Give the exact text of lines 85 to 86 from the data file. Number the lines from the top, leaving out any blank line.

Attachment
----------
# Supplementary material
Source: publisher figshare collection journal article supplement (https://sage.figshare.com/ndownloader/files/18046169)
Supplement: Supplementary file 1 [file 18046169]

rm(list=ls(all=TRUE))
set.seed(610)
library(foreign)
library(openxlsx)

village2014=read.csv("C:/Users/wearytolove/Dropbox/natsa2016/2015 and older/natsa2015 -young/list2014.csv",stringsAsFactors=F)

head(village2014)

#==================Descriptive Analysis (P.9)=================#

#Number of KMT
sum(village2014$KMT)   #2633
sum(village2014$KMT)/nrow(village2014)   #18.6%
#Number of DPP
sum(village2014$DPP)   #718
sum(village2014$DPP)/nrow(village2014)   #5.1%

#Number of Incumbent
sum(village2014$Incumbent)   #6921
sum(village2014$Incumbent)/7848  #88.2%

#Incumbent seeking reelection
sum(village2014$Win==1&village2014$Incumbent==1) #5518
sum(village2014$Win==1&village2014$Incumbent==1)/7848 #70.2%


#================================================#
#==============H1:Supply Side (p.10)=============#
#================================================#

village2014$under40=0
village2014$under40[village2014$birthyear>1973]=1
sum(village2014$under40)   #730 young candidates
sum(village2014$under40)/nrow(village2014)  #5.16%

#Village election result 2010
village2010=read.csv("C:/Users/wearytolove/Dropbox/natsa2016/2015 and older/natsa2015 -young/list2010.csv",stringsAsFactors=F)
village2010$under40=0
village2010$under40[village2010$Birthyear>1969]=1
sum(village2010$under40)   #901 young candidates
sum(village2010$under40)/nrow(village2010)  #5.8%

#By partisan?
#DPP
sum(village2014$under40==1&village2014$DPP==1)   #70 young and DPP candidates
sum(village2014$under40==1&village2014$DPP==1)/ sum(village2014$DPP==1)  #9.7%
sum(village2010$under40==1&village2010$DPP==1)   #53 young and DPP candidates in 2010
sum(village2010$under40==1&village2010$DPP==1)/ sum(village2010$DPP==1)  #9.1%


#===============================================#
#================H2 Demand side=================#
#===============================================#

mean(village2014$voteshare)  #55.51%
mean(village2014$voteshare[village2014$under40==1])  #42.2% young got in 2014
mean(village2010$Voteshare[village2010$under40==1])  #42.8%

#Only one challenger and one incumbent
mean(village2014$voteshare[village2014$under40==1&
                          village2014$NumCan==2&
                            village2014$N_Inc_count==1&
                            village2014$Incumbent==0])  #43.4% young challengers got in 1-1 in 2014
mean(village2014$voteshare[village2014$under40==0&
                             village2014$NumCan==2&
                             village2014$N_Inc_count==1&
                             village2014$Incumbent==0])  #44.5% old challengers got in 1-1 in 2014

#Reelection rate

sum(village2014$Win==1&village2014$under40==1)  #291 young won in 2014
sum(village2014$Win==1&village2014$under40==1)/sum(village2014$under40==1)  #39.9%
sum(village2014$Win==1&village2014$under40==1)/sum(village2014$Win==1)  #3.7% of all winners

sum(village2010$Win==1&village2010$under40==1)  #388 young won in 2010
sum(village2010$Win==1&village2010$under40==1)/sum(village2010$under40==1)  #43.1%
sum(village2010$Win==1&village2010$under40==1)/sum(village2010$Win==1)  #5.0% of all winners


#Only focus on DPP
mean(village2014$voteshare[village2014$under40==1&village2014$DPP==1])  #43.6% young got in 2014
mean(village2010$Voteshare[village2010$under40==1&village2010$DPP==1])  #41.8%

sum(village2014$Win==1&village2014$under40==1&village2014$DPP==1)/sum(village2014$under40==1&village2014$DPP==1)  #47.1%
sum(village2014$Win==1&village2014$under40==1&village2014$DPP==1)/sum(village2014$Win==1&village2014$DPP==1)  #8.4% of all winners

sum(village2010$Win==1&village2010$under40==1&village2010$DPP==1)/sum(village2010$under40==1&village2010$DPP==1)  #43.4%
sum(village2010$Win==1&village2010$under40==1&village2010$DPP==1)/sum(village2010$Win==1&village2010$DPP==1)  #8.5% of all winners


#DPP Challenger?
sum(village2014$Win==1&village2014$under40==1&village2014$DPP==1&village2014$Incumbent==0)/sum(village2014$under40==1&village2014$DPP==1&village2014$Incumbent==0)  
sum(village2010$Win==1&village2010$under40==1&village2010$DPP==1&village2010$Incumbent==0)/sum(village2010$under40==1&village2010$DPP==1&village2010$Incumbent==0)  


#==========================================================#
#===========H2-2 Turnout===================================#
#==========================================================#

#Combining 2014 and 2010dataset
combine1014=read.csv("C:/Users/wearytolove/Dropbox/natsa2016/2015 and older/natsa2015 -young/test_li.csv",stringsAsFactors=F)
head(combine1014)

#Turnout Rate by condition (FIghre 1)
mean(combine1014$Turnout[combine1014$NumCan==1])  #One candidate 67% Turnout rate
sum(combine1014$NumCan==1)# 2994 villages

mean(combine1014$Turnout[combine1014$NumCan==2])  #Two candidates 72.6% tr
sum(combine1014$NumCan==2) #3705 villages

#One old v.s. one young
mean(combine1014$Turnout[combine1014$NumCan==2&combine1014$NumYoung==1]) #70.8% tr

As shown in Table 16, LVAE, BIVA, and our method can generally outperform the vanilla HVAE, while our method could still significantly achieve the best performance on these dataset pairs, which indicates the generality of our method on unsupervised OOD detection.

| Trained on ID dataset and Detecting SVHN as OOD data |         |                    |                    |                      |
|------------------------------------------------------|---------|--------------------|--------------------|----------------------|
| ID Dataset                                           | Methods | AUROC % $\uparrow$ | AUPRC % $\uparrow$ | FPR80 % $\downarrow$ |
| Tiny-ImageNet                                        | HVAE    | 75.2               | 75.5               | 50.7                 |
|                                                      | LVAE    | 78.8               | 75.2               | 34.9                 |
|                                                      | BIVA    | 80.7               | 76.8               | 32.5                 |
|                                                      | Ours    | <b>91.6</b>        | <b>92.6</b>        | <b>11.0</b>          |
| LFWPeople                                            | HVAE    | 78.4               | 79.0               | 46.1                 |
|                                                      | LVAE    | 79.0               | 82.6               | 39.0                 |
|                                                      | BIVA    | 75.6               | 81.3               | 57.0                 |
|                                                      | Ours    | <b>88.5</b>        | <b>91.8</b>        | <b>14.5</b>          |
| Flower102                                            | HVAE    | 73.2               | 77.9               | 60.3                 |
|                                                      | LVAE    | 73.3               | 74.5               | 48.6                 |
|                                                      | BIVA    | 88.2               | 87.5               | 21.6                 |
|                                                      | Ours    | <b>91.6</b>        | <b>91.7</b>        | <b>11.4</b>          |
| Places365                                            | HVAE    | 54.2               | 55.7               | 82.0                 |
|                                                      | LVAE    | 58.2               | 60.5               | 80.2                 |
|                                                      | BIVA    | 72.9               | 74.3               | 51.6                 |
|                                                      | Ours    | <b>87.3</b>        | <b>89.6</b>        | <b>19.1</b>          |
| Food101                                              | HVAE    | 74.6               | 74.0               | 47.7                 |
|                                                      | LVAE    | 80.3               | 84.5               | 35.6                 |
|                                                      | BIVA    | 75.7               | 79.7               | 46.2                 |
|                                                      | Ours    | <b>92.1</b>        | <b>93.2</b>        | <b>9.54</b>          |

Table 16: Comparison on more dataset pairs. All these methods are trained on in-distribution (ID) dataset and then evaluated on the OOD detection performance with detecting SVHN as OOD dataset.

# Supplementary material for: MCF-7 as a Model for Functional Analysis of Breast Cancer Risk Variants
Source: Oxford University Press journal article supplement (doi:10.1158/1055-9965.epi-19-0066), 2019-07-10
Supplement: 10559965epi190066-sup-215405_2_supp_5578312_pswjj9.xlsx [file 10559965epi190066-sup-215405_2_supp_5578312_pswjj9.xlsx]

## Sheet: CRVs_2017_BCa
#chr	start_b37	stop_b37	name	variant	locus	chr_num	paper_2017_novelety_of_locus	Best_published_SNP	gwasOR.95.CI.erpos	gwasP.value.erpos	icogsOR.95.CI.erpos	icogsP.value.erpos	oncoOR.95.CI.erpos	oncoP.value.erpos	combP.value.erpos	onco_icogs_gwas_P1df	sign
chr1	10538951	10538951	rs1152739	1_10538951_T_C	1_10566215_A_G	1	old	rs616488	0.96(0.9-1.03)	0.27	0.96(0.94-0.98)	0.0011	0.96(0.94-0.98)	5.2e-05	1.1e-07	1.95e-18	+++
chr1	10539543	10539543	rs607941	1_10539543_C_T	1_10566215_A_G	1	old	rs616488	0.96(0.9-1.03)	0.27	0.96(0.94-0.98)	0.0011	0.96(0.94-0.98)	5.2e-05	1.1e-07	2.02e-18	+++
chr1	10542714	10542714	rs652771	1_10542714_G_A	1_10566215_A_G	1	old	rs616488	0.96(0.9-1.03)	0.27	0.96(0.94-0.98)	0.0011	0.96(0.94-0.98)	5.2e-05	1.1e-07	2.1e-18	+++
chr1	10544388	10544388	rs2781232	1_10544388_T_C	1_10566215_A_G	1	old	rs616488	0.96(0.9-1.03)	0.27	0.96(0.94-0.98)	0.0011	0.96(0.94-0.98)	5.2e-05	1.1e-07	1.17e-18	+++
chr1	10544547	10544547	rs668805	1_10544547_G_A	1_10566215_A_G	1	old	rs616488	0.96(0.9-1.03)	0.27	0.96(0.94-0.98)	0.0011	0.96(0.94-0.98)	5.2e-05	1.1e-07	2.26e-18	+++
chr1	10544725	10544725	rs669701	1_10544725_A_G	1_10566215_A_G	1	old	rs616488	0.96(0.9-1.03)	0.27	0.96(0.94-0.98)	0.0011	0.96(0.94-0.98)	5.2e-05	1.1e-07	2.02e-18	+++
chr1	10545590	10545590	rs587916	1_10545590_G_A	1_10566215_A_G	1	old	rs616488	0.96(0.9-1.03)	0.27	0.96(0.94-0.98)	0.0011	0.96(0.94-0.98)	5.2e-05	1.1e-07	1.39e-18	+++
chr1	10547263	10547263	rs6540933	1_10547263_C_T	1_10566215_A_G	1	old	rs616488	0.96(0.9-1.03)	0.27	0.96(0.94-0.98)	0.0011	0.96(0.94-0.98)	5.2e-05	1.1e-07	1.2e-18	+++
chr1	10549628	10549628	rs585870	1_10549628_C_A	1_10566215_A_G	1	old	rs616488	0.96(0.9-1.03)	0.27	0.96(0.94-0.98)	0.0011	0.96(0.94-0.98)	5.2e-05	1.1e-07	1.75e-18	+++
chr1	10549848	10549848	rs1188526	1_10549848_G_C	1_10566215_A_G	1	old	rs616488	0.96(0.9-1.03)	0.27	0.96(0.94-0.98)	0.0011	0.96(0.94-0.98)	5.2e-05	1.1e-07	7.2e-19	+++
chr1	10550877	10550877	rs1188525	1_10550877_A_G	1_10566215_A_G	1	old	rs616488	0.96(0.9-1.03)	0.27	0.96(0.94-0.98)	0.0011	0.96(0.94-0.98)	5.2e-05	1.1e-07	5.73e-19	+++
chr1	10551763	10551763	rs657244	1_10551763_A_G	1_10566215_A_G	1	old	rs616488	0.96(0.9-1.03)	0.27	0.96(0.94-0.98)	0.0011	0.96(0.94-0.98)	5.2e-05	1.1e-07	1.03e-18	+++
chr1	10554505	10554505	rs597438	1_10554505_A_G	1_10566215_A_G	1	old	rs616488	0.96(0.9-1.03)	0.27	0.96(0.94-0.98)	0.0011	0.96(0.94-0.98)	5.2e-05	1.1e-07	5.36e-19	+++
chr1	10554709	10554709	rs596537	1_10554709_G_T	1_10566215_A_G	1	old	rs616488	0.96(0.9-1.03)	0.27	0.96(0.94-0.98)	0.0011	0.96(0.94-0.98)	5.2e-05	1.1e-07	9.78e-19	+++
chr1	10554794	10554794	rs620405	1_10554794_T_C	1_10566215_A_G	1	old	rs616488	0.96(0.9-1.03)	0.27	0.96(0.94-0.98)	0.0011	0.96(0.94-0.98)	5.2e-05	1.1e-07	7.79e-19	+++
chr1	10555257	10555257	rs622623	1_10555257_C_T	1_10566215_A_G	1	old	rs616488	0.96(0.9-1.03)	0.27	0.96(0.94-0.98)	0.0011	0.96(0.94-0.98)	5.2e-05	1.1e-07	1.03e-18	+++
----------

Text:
#One old v.s. one young
mean(combine1014$Turnout[combine1014$NumCan==2&combine1014$NumYoung==1]) #70.8% tr